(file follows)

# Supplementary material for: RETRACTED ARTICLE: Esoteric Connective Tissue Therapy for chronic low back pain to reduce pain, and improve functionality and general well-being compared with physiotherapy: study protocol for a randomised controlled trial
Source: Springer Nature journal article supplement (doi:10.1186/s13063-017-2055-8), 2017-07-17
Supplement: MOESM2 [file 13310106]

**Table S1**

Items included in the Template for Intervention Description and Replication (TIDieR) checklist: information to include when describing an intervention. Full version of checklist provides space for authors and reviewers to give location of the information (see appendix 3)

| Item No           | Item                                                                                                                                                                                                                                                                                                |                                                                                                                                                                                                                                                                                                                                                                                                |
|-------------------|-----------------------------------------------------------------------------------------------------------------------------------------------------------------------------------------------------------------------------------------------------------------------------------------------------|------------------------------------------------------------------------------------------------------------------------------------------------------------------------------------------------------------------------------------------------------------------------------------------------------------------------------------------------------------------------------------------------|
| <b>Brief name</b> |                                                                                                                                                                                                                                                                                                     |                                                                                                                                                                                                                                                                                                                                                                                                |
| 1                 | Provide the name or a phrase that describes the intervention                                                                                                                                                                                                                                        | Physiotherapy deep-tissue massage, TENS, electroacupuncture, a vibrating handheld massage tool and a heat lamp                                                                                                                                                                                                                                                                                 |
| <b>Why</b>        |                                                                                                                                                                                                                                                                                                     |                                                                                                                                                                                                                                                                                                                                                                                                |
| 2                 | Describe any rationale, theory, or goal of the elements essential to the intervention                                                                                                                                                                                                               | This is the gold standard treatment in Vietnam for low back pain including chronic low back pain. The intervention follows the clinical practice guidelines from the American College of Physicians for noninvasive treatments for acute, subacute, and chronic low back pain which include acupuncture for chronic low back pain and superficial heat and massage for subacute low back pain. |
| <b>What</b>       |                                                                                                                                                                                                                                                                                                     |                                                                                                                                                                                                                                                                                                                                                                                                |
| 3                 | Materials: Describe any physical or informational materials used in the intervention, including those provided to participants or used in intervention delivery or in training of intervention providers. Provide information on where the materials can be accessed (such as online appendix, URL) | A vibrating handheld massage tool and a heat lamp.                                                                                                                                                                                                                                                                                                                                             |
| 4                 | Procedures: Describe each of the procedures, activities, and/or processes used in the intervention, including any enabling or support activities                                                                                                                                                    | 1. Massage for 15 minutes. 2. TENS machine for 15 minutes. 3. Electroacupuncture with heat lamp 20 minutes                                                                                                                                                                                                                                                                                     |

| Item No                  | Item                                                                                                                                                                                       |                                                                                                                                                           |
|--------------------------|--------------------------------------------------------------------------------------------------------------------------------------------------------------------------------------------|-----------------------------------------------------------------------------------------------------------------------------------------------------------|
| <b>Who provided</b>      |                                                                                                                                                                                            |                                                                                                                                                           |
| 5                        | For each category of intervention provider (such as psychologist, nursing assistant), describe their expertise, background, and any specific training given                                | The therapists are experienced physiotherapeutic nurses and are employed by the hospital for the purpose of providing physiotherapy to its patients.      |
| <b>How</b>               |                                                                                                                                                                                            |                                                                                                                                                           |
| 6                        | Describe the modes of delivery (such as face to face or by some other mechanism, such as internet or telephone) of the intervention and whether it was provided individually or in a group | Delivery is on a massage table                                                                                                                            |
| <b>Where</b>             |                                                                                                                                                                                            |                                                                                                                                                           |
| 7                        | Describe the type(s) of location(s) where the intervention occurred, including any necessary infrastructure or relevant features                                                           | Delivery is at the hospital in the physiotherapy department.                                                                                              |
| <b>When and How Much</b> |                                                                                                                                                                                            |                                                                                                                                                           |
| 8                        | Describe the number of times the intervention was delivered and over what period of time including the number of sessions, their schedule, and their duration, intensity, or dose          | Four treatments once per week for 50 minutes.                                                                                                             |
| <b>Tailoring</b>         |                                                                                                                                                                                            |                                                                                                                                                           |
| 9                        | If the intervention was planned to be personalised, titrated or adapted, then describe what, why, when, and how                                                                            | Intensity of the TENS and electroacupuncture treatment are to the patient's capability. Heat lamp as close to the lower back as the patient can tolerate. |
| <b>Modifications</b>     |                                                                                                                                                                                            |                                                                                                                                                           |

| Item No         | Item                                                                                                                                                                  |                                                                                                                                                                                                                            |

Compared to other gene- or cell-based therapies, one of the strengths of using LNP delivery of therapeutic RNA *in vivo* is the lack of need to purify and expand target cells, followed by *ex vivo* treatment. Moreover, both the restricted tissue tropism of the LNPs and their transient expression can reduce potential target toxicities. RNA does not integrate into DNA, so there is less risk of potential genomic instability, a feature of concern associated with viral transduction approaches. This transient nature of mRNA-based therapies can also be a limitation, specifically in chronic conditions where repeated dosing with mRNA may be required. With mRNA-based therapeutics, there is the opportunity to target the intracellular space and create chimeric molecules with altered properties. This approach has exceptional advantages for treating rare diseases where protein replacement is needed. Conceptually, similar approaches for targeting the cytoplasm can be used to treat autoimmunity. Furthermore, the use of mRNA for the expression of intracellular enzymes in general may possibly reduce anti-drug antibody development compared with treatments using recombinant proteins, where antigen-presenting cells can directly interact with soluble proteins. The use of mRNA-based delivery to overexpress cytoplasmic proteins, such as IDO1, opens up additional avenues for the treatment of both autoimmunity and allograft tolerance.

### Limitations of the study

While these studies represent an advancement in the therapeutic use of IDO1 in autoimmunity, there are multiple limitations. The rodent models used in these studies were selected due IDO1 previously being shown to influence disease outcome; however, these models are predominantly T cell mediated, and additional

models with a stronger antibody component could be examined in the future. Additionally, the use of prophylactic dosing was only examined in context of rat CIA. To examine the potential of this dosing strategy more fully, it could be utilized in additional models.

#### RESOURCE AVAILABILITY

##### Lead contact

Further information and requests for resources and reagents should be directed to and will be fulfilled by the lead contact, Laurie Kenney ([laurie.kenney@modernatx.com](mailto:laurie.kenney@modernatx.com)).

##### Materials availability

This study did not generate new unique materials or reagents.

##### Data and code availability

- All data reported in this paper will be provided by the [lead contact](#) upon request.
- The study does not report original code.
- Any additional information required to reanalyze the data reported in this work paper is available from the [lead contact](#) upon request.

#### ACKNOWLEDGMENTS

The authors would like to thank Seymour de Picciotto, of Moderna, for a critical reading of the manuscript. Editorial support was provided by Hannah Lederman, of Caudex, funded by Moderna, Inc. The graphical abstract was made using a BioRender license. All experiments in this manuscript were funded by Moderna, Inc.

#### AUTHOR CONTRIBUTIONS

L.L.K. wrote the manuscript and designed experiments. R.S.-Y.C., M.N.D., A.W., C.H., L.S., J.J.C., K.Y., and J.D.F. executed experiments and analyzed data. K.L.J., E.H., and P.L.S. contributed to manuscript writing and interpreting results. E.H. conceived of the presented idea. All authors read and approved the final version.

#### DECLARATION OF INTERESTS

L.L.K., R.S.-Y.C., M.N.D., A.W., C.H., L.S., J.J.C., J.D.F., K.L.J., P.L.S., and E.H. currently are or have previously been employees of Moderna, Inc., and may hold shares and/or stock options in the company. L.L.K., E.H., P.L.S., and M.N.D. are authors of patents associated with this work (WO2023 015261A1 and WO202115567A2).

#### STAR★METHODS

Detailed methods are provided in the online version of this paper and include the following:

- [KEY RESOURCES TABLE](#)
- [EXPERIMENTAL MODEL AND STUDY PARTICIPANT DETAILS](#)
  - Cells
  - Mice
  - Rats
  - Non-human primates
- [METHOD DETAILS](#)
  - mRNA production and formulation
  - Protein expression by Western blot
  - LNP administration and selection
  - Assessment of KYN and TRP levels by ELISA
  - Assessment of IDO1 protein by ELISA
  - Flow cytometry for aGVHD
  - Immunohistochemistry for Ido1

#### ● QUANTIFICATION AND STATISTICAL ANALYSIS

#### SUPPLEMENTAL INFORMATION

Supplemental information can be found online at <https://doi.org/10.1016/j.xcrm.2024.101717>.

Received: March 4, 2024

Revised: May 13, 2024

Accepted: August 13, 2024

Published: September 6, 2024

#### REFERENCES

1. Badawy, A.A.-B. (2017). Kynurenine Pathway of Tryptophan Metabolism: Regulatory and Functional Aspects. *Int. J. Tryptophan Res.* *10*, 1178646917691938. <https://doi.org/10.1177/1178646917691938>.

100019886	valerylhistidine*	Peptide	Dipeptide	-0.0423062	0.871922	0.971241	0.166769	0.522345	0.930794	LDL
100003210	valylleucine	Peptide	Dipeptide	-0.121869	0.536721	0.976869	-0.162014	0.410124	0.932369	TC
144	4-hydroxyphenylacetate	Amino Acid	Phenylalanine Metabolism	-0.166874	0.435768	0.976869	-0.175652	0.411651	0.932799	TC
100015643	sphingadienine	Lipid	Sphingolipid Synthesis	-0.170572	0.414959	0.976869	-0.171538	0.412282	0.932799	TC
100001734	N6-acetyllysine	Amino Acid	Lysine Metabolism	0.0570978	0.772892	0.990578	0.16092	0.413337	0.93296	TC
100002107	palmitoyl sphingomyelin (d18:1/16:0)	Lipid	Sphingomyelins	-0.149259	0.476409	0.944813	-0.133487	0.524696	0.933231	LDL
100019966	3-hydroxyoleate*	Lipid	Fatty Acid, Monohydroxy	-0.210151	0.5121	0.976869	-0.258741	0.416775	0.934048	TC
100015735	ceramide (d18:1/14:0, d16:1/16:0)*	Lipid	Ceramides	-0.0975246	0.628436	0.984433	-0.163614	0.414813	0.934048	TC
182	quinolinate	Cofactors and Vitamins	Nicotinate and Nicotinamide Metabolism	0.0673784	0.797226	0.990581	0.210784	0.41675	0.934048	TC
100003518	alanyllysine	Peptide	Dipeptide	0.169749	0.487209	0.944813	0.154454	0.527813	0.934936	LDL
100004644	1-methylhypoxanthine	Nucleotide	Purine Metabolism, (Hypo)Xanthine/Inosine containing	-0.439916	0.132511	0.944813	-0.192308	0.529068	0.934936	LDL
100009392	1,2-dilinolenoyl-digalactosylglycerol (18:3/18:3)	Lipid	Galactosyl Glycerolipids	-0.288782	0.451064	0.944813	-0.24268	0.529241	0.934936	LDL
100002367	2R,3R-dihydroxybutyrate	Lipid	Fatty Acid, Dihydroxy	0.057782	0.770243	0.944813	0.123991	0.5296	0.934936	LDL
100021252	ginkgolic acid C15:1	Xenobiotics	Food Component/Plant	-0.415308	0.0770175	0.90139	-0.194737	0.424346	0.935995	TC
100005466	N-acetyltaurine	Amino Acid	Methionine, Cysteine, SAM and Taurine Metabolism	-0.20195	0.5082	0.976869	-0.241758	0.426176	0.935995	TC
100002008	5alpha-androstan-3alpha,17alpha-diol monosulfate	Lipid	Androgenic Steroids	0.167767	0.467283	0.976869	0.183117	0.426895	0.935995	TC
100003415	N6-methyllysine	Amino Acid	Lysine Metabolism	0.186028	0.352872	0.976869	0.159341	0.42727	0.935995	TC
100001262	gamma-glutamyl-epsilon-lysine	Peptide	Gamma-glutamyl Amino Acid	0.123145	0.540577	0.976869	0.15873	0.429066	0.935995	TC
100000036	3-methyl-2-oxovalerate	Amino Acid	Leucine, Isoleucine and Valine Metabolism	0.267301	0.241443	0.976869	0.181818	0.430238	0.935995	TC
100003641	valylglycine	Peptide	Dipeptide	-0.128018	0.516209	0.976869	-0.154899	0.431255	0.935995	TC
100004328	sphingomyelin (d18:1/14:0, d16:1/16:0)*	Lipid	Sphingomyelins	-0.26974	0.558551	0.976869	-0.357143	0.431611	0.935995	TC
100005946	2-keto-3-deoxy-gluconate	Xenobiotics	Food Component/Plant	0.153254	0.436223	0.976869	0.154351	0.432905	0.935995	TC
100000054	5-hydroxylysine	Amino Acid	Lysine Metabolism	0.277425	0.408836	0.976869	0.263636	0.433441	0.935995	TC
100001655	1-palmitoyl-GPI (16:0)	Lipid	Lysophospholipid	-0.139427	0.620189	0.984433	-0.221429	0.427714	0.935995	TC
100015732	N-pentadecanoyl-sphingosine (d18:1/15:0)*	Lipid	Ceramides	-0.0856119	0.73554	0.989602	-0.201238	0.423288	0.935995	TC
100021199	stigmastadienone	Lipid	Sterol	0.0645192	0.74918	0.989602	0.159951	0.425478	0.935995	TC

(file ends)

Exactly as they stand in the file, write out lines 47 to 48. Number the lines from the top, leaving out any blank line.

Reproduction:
L.L.K., R.S.-Y.C., M.N.D., A.W., C.H., L.S., J.J.C., J.D.F., K.L.J., P.L.S., and E.H. currently are or have previously been employees of Moderna, Inc., and may hold shares and/or stock options in the company. L.L.K., E.H., P.L.S., and M.N.D. are authors of patents associated with this work (WO2023 015261A1 and WO202115567A2).

#### STAR★METHODS